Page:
Don’t Style Your Hair Away
We all want our hair to look good, and we’ll go through great lengths to flaunt it. But some of the styles we wear and how we care for them may actually damage our hair. Over time, our hair begins to shed and fall out.
It’s important to understand the difference between hair breakage and shedding. Hair shedding involves long strands of hair falling with the hair bulb often attached. Take a look at a strand that’s fallen out and check for a little white bulb attached to the end of the hair strand. In general, shedding has an internal cause such as improper diet, stress, medication, or even not getting enough rest.
Breakage doesn’t involve the hair shaft but includes is a mixture of long and short pieces of hair that fall off the shaft of hair strands. Generally in breakage you will see hair on your shoulders, in the sink, on the floor, etc. and is usually caused by external factors such as harsh chemicals, extreme heat or styling techniques like tight braids or ponytails. Lifestyle changes can help reduce internal causes while adjusting product and style choices can eliminate external factors. Here are some suggestions:
When more than 375 degrees of heat is applied to your hair with a flat iron or curling iron, 50% of your hair’s moisture is lost. So, the more you style with heat, the more you rob your hair of moisture.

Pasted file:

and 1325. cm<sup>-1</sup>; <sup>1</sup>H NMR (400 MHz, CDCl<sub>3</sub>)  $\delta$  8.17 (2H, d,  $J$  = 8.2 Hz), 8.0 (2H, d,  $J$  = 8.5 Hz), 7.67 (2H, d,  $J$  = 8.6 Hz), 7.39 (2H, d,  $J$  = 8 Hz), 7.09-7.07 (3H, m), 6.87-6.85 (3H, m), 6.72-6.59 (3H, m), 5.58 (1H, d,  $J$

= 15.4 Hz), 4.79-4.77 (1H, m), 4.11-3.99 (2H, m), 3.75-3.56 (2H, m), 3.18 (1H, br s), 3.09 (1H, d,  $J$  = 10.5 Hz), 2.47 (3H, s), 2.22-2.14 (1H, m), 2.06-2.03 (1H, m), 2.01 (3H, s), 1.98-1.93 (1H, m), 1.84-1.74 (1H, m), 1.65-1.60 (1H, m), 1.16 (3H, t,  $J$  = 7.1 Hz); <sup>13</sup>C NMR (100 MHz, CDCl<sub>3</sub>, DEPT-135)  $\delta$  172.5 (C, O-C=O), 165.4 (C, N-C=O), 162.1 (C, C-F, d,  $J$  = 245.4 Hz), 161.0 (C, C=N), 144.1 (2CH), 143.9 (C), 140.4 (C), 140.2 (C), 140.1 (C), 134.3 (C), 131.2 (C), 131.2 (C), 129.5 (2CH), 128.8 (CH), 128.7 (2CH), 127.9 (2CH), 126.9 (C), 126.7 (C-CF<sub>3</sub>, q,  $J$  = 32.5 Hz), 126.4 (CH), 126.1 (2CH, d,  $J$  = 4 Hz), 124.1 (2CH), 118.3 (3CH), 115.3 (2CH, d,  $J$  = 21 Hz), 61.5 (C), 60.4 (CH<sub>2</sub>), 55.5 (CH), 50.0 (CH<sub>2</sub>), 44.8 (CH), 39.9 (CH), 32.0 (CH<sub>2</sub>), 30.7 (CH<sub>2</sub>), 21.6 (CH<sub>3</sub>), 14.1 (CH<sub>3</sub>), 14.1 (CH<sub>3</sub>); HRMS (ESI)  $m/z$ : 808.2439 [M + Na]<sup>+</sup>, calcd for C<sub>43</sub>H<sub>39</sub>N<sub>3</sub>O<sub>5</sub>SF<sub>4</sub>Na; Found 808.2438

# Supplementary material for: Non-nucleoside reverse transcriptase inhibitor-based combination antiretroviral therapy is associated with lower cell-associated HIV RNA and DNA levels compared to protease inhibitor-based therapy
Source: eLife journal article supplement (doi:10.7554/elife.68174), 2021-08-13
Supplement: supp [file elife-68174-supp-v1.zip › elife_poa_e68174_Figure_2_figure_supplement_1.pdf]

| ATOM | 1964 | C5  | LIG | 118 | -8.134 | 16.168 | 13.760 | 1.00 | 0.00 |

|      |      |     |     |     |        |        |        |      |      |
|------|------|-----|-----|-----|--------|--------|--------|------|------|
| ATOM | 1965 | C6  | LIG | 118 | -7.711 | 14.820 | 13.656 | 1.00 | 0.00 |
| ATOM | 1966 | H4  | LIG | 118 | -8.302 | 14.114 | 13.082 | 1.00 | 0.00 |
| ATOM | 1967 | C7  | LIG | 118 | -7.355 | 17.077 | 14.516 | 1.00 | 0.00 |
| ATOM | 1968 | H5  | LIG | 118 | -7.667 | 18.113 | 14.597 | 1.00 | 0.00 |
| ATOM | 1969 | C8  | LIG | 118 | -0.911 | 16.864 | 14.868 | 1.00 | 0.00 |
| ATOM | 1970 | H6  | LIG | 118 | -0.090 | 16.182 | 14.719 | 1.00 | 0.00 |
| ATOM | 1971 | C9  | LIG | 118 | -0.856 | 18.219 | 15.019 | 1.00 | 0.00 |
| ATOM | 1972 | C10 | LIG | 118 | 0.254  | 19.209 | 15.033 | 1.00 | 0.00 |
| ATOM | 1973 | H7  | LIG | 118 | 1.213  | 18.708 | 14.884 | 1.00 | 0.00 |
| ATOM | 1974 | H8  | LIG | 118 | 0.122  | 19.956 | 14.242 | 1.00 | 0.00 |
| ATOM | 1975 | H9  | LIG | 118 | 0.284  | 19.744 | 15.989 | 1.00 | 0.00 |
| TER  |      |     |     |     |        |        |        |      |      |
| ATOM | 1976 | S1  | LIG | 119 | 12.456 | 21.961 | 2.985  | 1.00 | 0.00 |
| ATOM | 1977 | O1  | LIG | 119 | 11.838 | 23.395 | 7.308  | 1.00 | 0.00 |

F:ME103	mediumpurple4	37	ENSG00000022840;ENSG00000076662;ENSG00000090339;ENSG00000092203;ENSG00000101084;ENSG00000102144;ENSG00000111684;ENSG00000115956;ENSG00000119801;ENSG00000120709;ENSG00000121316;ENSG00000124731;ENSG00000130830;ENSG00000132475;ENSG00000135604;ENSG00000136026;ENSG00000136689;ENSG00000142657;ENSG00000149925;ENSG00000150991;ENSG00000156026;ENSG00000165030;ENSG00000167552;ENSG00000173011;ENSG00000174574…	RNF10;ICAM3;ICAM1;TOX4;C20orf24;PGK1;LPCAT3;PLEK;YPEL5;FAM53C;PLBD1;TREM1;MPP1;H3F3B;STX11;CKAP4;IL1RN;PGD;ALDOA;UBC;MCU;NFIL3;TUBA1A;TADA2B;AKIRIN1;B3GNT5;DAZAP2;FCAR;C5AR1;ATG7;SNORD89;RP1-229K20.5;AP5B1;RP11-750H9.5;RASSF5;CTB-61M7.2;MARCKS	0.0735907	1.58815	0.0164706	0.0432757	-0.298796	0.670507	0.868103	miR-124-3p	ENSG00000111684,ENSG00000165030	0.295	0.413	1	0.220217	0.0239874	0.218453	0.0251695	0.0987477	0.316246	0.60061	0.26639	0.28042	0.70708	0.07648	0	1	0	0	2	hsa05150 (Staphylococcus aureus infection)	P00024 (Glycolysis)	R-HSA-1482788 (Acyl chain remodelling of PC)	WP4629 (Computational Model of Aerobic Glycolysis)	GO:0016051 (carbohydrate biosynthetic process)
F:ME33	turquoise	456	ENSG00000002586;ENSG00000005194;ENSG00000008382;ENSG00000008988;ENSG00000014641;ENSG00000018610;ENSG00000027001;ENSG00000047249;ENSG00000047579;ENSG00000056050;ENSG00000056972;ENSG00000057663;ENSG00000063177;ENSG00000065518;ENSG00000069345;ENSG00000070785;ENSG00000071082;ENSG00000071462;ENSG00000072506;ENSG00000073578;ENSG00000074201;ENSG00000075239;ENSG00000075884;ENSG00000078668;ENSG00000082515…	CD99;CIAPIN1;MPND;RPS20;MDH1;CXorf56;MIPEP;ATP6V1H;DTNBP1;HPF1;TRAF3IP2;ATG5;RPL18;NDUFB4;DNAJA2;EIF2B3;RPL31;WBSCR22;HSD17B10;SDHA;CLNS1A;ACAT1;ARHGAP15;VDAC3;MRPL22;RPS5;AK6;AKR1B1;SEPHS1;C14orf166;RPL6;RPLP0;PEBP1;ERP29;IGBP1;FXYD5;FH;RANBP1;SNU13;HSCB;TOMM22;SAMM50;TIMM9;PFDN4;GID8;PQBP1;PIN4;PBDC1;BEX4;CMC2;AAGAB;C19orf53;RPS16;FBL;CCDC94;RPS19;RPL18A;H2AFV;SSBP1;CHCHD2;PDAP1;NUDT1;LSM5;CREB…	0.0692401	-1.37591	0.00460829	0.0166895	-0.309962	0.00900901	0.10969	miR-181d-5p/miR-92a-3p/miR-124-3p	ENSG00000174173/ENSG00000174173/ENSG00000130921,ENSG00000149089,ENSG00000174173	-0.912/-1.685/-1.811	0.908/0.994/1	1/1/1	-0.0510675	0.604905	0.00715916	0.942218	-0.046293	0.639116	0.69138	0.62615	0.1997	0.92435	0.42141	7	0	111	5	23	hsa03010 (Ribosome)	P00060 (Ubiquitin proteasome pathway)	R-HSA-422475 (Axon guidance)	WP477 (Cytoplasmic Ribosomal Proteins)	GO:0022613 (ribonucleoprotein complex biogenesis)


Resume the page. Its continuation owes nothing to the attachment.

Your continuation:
Solutions- Only use heat once a week between shampoos. Apply a deep moisturizer during the shampoo/ conditioning process. When blow drying use minimum heat and light tension. Try to use an ionic blow dryer with Infar red heat verses other dry direct heat. Only use ionic ceramic flat irons or curling irons and lower-watt blow dryers. Only re-curl once during 7 days. Pin curl, wrap or roll your hair to maintain the style nightly so you don’t have to use heat so much.
Prolonged tension can cause hair loss and scarring, and using chemicals aggressively over processes your hair and weakens the fibers. Weak fibers easily break from brushing, combing or other manipulation. So pulling our hair into tight ponytails, braiding every baby hair around the edges and coloring every grey hair are bad habits that can cause traction alopecia.
Solutions - Loosen the ponytails and braids. You may have to do them more often but it will reduce traction alopecia. Allow 8-12 weeks between chemicals, color, relaxers, etc. Comb your hair -- especially when wet -- from the ends to the scalp to eliminate unnecessary tangling and shedding. Always condition with your shampoo process.
Lack of moisture
You may be surprised to learn that dehydration is a primary cause of hair loss or shedding. That’s right, your hair needs water, too.
Your body uses and loses 2 to 3 quarts of water per day so that’s why you need to drink 8 to 10 glasses of water a day. Replenishing your body’s water supply will not only make sure that organs are functioning well but will also stimulate new hair growth and skin cells.
Solutions: Your hair must be treated every 7 days to maintain needed balance. Shampoo with moisture enriched shampoos only and always condition with a moisture and protein combination conditioner to strengthen the hair and add elasticity. Also, maintain moisture content with daily use of a non-grease shine serum to keep the cuticle sealed. Eliminate heat as much as possible.